Bitly embraces two-factor authentication after data breach

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Following criticism over the lack of details provided on last week's data breach, URL shortening service Bitly has finally revealed how hackers were able to compromise user accounts.

Bitly embraces two-factor authentication after data breach
Bitly embraces two-factor authentication after data breach

 In a blog post published late on Friday, company CTO Rob Platzer ran through how hackers compromised accounts last Thursday, providing refreshing insight on the method of the attack, and the new security measures employed by the New York-based firm.


The company says that its security team was informed of a data breach by an unnamed technology company on Thursday evening. At the time, there were fears of hackers having gained access to the production user database or other production users, but  Bitly was keen to stress that they were instead able to compromise the firm's offsite database backup storage.


Platzer wrote that an unusually high volume of traffic was originating from the database, and added this was not initiated by the firm.  Instead, he says that hackers had gained access by compromising a staff member's account. Further details on how they did this have not been disclosed.


The group has stressed that all passwords were salted and hashed (new or existing users who changed passwords after January 8 had their passwords converted from salted MD5 to hashed with Bcrypt and HMAC using a ‘unique salt'), and says that while hashed passwords were exposed, plain text versions were not.


As a result - and as detailed by SCMagazineUK.com at the time, the company immediately invalidated Facebook and Twitter credentials and forced internal password changes to ensure user security. Two-factor authentication has also been enabled for Bitly accounts on the source code repository, company-wide and at third-party services. End users, though, won't have this facility just yet, although Bitly says that it is working on “accelerated development” of two-factor authentication for Bitly.com.


Additional security measures employed included rotating SSL certificates, new credentials and “detailed logging” for offsite storage systems, while work is ongoing to notify users of password changes by email. The iPhone app now supports updated OAuth tokens, while executives have urged users to change both their API key and OAuth tokens.


For all these changes, however, Bitly is adamant that no user details have been taken as a result of the data breach.


“The production database was never compromised nor was there any unauthorised access to our production network or environment,” reads the blog post. “The data was from an offsite static backup.  There was no risk of any data, including redirects, being changed.”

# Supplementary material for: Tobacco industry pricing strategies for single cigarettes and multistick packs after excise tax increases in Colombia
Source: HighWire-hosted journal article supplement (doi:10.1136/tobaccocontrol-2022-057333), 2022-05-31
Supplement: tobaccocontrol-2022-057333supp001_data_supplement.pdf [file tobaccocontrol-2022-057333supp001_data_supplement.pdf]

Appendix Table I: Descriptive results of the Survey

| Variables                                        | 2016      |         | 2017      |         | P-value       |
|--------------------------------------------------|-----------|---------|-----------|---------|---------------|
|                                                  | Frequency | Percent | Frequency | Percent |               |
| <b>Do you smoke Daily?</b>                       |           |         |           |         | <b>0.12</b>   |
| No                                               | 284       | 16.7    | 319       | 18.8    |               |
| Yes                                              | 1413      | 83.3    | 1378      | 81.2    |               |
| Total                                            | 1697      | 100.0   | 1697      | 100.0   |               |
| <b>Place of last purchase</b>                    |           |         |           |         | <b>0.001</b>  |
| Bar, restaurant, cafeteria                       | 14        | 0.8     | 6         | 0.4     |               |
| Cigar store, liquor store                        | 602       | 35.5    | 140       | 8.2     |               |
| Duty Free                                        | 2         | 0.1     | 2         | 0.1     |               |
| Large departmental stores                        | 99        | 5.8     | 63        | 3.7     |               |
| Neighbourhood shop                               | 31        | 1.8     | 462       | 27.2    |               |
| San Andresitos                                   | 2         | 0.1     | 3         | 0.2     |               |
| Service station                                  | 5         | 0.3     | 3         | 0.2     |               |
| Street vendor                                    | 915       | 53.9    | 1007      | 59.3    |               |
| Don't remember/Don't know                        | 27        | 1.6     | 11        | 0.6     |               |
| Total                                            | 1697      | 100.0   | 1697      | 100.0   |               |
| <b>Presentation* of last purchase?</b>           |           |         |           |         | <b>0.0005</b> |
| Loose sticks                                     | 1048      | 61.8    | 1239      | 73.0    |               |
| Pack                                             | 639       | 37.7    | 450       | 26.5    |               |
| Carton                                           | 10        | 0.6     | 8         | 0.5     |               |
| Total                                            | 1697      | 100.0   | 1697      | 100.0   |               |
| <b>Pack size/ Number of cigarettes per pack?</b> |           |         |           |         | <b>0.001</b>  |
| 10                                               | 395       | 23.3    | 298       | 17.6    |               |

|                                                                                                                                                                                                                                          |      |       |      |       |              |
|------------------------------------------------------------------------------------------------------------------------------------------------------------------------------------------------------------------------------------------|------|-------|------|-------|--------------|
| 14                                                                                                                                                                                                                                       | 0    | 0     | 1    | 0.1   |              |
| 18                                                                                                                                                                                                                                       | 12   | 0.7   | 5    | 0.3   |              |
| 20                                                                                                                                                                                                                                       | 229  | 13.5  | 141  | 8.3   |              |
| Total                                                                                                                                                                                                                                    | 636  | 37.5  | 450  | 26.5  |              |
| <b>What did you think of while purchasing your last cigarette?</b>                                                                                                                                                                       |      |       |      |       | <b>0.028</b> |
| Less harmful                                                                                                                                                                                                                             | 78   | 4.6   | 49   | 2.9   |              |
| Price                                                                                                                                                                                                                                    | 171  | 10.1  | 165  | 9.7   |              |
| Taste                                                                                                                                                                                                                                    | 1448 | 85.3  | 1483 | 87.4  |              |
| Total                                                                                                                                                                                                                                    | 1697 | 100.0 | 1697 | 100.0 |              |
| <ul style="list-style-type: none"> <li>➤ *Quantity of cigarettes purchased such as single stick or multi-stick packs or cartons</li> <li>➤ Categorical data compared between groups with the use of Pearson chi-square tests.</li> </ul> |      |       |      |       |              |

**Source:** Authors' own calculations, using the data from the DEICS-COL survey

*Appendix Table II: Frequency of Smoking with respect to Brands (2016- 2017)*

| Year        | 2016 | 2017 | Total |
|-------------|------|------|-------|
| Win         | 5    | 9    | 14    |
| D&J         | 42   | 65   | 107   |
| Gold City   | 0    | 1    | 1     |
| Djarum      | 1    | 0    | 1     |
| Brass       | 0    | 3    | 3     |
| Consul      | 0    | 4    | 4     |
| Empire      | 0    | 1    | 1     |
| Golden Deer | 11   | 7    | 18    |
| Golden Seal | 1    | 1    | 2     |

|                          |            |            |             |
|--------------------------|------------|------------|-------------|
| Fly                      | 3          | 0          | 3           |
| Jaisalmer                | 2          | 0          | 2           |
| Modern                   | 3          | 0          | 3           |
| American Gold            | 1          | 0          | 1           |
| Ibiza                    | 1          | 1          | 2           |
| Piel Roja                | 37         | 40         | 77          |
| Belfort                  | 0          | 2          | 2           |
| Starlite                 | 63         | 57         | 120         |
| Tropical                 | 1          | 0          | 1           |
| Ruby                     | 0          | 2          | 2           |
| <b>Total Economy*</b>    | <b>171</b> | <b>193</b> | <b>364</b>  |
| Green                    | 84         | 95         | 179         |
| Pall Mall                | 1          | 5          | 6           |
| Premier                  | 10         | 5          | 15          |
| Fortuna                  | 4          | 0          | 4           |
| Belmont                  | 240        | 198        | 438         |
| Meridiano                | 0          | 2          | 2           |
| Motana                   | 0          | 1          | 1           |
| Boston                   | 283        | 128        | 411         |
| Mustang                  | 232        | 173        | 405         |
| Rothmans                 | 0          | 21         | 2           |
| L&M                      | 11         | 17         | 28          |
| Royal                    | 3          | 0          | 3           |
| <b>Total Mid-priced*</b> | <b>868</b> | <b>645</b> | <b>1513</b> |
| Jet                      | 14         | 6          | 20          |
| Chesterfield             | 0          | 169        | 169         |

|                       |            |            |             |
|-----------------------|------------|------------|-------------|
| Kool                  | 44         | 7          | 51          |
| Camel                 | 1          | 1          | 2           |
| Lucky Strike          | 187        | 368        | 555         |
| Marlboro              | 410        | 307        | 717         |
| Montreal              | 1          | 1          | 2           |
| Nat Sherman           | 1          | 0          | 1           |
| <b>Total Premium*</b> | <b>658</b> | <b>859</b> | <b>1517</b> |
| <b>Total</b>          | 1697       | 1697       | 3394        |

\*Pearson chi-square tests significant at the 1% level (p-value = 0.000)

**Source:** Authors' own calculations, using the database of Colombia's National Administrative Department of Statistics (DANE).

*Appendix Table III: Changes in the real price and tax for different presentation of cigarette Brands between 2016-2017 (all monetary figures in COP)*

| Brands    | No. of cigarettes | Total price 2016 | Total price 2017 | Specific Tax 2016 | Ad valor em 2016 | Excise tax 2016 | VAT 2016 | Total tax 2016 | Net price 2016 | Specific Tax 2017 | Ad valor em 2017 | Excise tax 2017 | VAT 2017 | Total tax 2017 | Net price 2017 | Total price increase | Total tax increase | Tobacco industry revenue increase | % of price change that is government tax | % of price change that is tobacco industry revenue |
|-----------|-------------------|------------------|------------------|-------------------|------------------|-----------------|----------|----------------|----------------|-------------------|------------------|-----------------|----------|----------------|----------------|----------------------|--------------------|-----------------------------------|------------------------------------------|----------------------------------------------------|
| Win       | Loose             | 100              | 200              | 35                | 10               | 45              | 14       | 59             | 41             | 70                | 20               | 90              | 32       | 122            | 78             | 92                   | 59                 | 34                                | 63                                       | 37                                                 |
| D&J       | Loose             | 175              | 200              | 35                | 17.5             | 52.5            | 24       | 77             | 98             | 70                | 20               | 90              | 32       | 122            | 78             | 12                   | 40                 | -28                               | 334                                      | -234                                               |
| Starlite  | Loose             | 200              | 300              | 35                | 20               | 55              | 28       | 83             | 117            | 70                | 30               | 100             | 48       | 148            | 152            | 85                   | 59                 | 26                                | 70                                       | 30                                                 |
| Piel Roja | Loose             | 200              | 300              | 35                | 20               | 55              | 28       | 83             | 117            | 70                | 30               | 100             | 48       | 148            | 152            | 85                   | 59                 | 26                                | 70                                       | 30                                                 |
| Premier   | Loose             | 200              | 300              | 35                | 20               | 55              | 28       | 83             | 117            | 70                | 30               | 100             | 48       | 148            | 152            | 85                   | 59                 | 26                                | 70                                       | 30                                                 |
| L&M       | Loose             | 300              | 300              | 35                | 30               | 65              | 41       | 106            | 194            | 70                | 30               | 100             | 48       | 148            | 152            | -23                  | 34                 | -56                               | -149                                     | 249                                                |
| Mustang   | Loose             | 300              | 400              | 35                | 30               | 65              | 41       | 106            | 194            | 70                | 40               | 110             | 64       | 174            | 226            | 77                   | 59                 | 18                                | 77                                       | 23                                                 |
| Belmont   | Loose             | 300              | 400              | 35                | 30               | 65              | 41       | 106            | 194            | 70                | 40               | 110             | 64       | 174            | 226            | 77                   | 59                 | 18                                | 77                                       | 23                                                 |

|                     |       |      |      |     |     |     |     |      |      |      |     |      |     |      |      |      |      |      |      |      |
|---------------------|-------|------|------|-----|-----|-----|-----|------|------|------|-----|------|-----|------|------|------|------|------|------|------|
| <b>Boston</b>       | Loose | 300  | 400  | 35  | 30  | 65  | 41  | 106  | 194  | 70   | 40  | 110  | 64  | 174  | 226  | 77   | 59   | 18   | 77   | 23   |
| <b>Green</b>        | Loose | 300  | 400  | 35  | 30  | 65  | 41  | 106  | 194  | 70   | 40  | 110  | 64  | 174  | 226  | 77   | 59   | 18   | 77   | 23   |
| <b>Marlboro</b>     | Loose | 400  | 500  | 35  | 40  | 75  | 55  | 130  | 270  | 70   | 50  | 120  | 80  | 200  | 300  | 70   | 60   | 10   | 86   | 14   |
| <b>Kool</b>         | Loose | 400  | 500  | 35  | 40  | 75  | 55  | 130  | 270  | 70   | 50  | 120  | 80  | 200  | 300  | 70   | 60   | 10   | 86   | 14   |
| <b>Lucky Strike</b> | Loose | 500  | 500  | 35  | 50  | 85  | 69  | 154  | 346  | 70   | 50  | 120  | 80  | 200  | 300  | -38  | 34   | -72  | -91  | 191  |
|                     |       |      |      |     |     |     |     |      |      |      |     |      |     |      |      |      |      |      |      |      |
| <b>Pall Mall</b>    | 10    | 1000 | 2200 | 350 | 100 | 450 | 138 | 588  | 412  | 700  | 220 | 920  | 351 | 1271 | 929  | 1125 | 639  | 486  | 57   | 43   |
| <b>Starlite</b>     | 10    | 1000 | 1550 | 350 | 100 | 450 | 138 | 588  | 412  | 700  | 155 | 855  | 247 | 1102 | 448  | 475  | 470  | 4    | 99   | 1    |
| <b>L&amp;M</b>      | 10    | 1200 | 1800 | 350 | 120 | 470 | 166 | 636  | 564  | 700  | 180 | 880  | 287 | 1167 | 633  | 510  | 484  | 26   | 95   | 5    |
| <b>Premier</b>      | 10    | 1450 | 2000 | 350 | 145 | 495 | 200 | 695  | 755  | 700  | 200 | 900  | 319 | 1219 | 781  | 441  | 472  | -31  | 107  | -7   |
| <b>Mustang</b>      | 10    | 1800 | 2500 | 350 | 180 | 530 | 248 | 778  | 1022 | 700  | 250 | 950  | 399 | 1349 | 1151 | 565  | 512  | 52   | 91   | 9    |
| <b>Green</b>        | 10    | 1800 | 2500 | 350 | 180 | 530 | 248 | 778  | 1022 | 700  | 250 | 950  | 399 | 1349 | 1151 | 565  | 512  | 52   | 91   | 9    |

The company's original blog post revealed the extent of the breach: “We have reason to believe that Bitly account credentials have been compromised; specifically, users' email addresses, encrypted passwords, API keys and OAuth tokens. We have no indication at this time that any accounts have been accessed without permission.”


Lamar Bailey, director of security R&D at Tripwire, praised the company for being transparent about the attack.


“Bitly has done a great job documenting what happened and what steps they have taken to since the breach,” he told SCMagazineUK.com.


“I would like to see more companies do this, it is a good testimonial to having a security incident response plan and putting it into action. Far too many companies have a incident response plan that was written but is not reviewed and amended so when an incident occurs, it is all but useless since it is out of date and no one knows how to follow it.”


However, Forrester analyst Andrew Rose reserved his praise somewhat. He reiterated that the earlier DDoS attacks may have been a ‘smokescreen' for bigger attacks, and was less than impressed with Bitly's remediation tactics.


“Reading Bitly's comments today, two things jump out - Bitly's comments about "immediately enabling two factor authentication" for a remote data store, suggests that their remote access methodologies were simple ID and password. This is a vulnerable state to be in and one which has ultimately come back to haunt them,” Rose told SCMagazineUK.com.


“Similarly, when they checked the logs they "discovered an unauthorised access" record; had logging and alerting been operating effectively, this inappropriate access record could have been noticed much earlier.”


Rose added: “It's easy to criticise, however many firms struggle with the volume and complexity of managing logs to identify security incidents. I'm less sympathetic, however, about the absence to two factor authentication for an important remote data site.”

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